By Christina Fuoco-Karasinski
Pietro Marsala remembers, as a child, his father bribing him with trips to the flight deck midflight when they flew to Italy every summer to see family.
“I was the best kid in the world for two weeks,” Marsala says. “It would be just me and my dad in there with them. This was before 9/11. I’d be in awe of everything going on. I looked at them like they were superheroes.
“I loved the way they carried themselves in the terminals, the equipment they fly and their passion. I was in awe of it all. I developed my passion for flying there.”
That passion never died, but a diagnosis of type-1 diabetes almost derailed his dreams.
For pilots who dreamed of flying airplanes commercially, a diabetes diagnosis meant having to give it up. That is until November, when the Federal Aviation Association reversed course and began issuing first- and second-class medical certificates required for commercial flying to people with diabetes, like Marsala, a Scottsdale resident.
Why the change? A combination of advancements in diabetes technology—and a ton of heart and perseverance from the people who use it.
Practice makes perfect
When Marsala was 11, he spent hours on his Microsoft flight simulator, giving him his first taste of flight. As time progressed, he developed his passion for flying.
“I would spend hours on it,” Marsala says. “I’d have my parents and brother behind me in the office and act like my passengers. They couldn’t stand more than 30 minutes of being there.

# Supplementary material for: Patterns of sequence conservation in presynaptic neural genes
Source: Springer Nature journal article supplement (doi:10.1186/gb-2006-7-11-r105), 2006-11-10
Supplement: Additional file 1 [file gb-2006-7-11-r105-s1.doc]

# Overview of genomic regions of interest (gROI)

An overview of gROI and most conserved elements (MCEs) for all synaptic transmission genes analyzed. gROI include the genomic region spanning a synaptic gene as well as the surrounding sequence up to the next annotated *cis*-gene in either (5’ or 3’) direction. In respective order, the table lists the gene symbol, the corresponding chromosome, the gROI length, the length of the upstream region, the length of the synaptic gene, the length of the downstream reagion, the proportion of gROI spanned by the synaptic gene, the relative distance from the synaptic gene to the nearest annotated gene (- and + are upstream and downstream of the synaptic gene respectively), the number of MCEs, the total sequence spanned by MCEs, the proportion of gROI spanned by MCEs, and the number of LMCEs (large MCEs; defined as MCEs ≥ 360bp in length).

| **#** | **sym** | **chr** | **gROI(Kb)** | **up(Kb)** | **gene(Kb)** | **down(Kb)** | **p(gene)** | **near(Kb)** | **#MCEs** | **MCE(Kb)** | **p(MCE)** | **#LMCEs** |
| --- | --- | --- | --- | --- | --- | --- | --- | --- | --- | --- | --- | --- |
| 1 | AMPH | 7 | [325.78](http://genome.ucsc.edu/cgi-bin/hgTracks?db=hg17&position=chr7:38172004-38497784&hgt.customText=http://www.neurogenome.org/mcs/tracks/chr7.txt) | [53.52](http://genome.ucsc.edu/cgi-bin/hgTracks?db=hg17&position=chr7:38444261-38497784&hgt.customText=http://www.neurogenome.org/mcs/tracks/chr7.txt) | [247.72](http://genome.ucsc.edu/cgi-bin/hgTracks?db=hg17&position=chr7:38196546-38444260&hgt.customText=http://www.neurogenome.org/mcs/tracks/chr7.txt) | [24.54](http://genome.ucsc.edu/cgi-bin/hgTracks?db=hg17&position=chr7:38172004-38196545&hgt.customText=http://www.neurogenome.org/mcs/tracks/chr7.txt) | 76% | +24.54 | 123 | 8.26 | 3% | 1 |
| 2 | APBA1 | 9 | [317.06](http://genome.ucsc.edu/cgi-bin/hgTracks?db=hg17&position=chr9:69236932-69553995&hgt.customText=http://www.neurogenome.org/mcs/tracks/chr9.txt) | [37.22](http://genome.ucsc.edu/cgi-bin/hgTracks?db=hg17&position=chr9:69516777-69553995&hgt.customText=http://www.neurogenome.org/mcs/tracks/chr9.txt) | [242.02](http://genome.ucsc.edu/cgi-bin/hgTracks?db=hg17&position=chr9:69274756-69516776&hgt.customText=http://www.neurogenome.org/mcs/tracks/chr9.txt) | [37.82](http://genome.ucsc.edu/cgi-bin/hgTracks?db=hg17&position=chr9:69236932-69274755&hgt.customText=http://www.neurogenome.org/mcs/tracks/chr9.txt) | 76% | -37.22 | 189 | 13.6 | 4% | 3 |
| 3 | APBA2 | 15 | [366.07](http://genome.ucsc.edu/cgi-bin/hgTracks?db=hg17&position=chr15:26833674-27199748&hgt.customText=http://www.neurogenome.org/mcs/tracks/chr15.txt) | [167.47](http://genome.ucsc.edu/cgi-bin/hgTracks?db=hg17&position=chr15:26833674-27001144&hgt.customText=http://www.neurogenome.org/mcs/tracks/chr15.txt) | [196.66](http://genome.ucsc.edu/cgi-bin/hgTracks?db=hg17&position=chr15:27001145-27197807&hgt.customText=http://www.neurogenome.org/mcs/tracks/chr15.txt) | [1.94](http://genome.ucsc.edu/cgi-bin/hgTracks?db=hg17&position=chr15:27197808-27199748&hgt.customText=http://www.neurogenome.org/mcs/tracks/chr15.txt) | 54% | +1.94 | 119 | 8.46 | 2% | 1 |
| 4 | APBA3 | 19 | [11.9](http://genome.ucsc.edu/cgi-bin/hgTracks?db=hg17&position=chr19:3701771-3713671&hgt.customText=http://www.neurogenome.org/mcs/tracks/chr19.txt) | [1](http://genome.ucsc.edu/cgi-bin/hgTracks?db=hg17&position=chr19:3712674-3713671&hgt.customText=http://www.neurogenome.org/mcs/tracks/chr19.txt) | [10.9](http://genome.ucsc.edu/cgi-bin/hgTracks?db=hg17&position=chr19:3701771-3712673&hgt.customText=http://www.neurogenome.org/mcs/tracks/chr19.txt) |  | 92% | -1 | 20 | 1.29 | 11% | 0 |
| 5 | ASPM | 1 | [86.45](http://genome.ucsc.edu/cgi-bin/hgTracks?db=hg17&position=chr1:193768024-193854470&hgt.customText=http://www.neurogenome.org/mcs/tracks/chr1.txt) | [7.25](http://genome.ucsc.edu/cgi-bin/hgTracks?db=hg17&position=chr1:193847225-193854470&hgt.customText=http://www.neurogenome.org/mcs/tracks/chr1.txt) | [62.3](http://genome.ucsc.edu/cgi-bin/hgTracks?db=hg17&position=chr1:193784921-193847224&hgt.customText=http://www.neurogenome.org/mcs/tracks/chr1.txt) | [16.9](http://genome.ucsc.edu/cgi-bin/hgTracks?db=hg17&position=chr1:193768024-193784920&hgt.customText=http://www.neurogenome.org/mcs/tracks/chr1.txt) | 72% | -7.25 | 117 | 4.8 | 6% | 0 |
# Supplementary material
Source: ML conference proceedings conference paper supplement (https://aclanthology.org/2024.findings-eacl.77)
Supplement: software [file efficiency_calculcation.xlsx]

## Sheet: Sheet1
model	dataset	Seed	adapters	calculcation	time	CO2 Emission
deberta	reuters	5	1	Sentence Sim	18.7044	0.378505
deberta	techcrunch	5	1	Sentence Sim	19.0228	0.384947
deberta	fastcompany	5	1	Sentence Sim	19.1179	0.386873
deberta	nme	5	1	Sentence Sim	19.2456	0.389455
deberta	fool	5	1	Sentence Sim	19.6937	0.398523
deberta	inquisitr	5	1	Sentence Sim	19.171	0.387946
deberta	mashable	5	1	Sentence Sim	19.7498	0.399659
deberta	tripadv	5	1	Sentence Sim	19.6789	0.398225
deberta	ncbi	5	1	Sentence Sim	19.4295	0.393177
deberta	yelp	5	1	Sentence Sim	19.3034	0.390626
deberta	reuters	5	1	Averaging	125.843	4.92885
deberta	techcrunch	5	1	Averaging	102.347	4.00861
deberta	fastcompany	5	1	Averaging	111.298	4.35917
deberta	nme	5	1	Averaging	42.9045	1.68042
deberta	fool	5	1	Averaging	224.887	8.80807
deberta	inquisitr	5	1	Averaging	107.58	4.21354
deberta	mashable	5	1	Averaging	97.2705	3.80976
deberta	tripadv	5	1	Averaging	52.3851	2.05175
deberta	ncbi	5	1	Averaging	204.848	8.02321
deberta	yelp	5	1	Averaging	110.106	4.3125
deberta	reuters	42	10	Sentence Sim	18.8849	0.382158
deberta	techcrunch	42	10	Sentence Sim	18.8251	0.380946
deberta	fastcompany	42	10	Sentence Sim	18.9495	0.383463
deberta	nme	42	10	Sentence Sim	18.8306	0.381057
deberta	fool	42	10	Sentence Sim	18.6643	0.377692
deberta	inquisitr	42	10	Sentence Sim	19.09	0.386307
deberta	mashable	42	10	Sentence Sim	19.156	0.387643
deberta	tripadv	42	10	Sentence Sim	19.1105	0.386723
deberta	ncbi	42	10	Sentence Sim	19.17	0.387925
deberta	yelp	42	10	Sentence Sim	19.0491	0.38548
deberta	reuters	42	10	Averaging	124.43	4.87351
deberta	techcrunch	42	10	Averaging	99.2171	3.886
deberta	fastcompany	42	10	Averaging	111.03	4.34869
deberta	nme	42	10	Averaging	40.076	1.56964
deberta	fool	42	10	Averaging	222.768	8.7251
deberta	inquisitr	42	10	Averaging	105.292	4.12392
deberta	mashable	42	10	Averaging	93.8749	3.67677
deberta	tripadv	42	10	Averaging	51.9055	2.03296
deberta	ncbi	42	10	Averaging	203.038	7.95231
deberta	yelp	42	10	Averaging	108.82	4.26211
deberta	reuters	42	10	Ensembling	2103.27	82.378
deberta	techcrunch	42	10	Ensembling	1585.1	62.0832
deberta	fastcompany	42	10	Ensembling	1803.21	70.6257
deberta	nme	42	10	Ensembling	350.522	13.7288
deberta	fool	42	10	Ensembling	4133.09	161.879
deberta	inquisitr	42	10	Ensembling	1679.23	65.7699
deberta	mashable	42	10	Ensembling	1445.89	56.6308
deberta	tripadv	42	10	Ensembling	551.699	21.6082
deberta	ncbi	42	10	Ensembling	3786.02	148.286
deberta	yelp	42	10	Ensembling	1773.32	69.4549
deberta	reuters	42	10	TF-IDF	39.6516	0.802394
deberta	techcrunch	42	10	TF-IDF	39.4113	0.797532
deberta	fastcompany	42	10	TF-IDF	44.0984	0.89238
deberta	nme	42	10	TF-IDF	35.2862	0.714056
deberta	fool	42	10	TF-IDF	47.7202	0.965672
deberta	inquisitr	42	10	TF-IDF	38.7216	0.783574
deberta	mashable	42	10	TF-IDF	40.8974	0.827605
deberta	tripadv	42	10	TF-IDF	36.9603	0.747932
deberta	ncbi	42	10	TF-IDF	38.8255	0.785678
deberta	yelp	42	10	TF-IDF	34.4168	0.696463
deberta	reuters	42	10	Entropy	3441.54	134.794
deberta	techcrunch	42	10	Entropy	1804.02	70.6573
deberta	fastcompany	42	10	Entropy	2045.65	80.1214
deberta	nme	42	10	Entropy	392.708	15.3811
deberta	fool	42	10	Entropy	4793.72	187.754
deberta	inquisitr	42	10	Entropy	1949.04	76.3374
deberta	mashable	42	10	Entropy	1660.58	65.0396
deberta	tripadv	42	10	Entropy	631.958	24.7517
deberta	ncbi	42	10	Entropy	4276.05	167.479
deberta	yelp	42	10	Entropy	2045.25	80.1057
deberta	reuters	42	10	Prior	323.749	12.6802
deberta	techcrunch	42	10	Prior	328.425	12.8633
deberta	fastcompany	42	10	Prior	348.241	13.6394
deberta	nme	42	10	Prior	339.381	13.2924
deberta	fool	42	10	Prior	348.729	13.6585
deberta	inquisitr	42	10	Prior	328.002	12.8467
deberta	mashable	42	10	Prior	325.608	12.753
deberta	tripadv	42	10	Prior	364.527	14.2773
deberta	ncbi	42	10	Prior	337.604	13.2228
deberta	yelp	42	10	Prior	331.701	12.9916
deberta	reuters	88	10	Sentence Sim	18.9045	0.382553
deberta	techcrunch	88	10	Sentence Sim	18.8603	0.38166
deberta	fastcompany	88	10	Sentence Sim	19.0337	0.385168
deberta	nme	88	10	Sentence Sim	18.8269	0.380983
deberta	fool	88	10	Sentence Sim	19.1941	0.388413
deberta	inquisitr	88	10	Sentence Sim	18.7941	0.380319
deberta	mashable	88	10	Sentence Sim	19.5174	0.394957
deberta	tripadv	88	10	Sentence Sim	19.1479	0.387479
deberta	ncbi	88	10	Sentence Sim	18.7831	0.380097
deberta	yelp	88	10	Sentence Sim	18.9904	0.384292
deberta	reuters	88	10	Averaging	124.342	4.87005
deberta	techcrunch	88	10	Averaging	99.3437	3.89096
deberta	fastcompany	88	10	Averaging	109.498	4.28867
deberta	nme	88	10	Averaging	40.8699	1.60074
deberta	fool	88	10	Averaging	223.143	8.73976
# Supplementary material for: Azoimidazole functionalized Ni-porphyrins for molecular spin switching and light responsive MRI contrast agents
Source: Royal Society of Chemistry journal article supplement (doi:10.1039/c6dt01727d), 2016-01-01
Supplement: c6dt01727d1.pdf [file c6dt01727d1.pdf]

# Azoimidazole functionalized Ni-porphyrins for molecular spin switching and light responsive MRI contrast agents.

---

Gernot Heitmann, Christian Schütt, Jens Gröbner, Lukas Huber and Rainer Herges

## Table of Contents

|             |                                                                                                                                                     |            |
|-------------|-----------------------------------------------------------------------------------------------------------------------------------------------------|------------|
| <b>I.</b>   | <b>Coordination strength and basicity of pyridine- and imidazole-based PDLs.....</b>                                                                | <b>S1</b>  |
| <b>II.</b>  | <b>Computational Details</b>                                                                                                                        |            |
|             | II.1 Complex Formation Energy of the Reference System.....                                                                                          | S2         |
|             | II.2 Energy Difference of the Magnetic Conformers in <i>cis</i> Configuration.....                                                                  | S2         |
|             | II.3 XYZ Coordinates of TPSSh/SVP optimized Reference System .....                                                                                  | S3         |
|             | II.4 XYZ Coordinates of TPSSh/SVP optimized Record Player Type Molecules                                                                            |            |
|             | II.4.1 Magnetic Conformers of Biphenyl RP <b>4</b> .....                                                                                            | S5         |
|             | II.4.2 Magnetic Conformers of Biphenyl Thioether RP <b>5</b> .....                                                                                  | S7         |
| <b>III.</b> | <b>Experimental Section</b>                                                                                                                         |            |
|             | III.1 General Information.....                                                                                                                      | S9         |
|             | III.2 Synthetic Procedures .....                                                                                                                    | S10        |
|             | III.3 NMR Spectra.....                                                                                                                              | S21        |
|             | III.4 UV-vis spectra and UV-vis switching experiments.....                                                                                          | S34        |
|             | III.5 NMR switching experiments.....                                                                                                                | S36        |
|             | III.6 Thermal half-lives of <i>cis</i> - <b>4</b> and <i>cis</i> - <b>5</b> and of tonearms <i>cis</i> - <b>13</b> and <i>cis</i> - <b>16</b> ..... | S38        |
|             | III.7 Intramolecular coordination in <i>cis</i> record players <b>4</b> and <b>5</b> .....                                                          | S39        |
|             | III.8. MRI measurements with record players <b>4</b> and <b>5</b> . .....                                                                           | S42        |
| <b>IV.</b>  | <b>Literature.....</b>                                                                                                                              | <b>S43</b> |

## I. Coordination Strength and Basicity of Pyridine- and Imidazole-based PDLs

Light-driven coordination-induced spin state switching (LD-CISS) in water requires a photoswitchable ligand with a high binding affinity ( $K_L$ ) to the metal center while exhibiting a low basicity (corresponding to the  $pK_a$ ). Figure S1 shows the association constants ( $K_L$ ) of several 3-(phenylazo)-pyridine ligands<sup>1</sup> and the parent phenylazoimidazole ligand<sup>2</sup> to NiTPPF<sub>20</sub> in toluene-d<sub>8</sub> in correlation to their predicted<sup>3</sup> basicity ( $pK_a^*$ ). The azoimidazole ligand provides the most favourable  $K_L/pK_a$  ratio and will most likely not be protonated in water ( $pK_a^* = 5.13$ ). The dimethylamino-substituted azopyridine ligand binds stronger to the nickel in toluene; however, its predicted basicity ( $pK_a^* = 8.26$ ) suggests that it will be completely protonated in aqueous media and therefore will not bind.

“Then it would be just me in the room. It’s so realistic, and it’s in real time. I would take off from Chicago and fly across the Atlantic Ocean, put it on autopilot and set the alarm for Spain. I had a couch in the office, where I’d sleep. I’d wake up and pick up where I left off and turn autopilot off.”
When he entered high school, Marsala thought maybe he wasn’t smart enough to be a pilot. He was indecisive, until he went on a tour of a flight school at Deer Valley Airport.
“I saw I could learn to fly in sunny Phoenix, Arizona, at Deer Valley Airport, so I went out there,” Marsala says. “I fell in love. The rest is history. I started taking flying lessons, doing my training and working on my commercial flight training. Right in the beginning of it, they diagnosed me with type-2 diabetes.”
The diagnosis came after he lost 10 pounds in a week, he was thirsty and urinated frequently. Marsala was devastated to be diagnosed with a chronic illness at 21. Ten to 11 months later, he started “feeling weird” again and was re-diagnosed as a type-1 diabetic.
“I didn’t fit the bill of a type-2 diabetic,” he says. “I was fairly fit and pretty young. That was the hardest day of my life, to go back on insulin, a career-ending drug.”
Not ready to give up
Marsala, who was licensed to instruct, was still determined to be a commercial pilot. The FAA allowed pilots with diabetes to obtain third-class medical certificates, enabling them to fly privately and flight instruct. But they can’t earn first- and second-class medical certificates required for commercial flying.